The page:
A look at Indiana’s vice presidents

(AP Photos)

INDIANAPOLIS (WISH) — Though mid-pack by population, Indiana nearly leads the nation in vice presidents. Mike Pence will be the sixth from our state; only New York claims more.

Ray Boomhower, senior editor from the Indiana Historical Society, says Indiana’s prominent role developed because it was, for many years, an important swing state.

This undated photograph shows Schuyler Colfax, 17th vice president of the United States under Ulysses Grant. (AP Photo)
This undated photograph shows Schuyler Colfax, 17th vice president of the United States under Ulysses Grant. (AP Photo)

“And usually it came down to either New York or Indiana, so you saw the parties put people from those two states on their tickets,” Boomhower said.

The Indiana Historical Society and History Center have volumes of information about Hoosiers who went on to be vice president.

The list starts with Schuyler Colfax. He won the office on a ticket with Ulysses S. Grant. History credits Colfax for taking a strong stand against slavery.  He was also one of the earliest stars of the GOP. But his time as vice president ended in disgrace.

Boomhower says Schuyler “was implicated in a bribery scandal, known today as the Credit Mobilier scandal.”

After one term in Washington, Colfax was out of office, off the ticket and never ran for office again.

Thomas Hendricks was vice president to Grover Cleveland, albeit briefly. He died only eight months into office. Thomas, who had been governor of Indiana, kept working for fellow Hoosiers at the White House. The Historical Society has a fascinating example. It’s a letter from a woman from Indiana seeking a job. On the reverse, Hendricks penned a lengthy recommendation, calling for her to be hired.

Susan Sutton from the Historical Society puts the note in a modern perspective, saying “this is the 19th century equivalent of forwarding an e-mail.”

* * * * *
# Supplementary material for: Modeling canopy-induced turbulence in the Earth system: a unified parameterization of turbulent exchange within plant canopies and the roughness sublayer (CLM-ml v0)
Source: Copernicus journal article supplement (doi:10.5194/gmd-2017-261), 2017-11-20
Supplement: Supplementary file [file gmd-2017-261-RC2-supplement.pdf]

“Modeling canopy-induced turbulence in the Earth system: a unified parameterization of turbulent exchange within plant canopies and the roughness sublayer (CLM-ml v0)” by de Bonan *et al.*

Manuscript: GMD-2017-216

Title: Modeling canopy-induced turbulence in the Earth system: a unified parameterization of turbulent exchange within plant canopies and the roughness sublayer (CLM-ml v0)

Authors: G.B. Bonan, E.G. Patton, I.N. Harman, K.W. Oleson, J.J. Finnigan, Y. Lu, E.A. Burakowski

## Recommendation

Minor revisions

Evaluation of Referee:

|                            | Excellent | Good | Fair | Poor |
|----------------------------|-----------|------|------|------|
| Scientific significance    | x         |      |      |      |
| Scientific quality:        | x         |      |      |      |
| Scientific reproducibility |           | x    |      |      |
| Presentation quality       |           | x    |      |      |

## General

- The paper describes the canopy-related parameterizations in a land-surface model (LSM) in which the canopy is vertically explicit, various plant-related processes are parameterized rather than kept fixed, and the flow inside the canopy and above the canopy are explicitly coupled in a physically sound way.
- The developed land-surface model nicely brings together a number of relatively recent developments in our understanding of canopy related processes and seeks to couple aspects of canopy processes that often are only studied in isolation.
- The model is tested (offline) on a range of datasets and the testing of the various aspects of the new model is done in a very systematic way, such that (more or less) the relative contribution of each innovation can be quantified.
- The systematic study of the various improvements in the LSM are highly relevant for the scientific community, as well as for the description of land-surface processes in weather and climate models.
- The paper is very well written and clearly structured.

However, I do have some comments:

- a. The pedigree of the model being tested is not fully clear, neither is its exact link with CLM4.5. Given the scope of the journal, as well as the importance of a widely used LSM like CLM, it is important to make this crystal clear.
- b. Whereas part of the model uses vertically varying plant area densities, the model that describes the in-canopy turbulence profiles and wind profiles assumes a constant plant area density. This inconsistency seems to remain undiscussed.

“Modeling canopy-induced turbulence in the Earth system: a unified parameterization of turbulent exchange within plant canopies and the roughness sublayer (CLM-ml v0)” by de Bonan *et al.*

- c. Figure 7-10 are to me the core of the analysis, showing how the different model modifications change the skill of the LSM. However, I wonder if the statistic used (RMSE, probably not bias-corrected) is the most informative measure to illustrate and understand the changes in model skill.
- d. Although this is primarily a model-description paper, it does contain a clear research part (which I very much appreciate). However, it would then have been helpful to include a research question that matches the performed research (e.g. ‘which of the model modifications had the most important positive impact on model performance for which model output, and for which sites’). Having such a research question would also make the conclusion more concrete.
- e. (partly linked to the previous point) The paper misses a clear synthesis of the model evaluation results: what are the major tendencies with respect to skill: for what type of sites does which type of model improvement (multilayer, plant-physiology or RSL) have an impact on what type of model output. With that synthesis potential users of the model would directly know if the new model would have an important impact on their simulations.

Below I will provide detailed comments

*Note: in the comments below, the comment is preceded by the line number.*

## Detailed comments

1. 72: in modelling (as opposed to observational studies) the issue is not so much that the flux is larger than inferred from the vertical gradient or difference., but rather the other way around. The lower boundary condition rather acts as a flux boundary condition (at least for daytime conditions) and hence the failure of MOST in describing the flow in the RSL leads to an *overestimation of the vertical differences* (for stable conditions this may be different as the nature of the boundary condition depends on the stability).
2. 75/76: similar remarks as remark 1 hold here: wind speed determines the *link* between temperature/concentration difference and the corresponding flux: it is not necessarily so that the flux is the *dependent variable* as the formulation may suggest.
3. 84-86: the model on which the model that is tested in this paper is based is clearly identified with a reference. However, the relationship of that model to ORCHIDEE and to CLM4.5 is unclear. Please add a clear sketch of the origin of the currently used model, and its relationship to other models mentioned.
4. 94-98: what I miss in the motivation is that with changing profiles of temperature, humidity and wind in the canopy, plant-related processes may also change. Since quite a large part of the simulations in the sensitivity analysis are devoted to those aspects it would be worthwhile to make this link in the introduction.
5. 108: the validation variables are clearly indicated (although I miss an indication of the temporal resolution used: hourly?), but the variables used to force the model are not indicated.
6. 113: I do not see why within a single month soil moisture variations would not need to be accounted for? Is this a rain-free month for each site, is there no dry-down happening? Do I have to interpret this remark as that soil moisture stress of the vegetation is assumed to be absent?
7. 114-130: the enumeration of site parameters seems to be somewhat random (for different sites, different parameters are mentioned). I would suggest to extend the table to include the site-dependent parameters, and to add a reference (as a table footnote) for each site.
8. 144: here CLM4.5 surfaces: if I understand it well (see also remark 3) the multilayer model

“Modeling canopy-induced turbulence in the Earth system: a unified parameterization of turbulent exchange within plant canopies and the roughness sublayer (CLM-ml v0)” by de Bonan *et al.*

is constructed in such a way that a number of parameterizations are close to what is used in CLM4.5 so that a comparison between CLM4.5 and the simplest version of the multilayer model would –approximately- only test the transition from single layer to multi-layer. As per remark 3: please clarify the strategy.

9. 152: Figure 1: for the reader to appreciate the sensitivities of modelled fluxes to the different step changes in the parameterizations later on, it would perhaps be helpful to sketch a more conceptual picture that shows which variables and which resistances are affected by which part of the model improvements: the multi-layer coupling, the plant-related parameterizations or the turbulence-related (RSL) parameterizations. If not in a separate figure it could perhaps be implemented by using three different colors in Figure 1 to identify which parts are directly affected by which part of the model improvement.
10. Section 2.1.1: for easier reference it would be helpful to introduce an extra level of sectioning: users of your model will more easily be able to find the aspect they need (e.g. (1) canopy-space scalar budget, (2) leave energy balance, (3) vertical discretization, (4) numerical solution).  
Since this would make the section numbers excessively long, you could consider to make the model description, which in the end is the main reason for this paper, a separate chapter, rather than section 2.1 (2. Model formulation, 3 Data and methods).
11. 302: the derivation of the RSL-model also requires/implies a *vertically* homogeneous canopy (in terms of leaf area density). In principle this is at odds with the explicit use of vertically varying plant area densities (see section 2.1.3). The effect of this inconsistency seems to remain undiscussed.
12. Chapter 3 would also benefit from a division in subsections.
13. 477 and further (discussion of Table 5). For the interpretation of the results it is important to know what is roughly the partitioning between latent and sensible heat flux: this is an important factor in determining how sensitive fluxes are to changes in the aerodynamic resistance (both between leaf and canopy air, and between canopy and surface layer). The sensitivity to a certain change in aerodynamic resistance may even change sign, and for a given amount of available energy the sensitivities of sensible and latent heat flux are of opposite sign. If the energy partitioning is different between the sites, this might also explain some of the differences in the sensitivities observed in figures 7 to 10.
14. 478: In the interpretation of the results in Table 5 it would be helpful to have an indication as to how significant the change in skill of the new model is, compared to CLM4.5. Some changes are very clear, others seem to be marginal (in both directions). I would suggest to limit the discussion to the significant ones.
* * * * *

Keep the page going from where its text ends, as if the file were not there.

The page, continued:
The third of Indiana’s vice presidents, Charles Fairbanks, went to the White House with Theodore Roosevelt – but when Roosevelt went to Fairbanks’ house, something went very wrong. Fairbanks was known as a teetotaler who courted the temperance vote. But in the preparations for an Indianapolis visit from Roosevelt, someone saw fit to order cocktails for the party. Critics seized on the inconsistency, cried hypocrisy and forever after called “‘Buttermilk Charlie Fairbanks” “Cocktail Charlie” instead. His political career never really recovered.

Former Governor Thomas Marshall landed on the Woodrow Wilson ticket. Historians say Marshall was modest and witty – and he’s still remembered for the quip “What this country needs is a good 5 cent cigar”. But he also faced true crisis: President Wilson suffered a debilitating stroke in 1919.

“Marshall was kind of in limbo,” Boomhower says. “He did not know what to do.” Boomhower says Marshall declined to push for power. Scholars still debate whether that was the best decision.

Dan Quayle is fifth on the list of Hoosier V.P.s. He ran and won with George Herbert Walker Bush. Reviews of his time in the job tend to focus on his stumbles. Boomhower feels the longer view of history might, eventually, be kinder.

“You have to let things settle down and take a look back and we’ll get a truer picture of what he was like in office. And that’s what’s great about history. Reputations change as time goes on and they are re-evaluated again and again,” said Boomhower.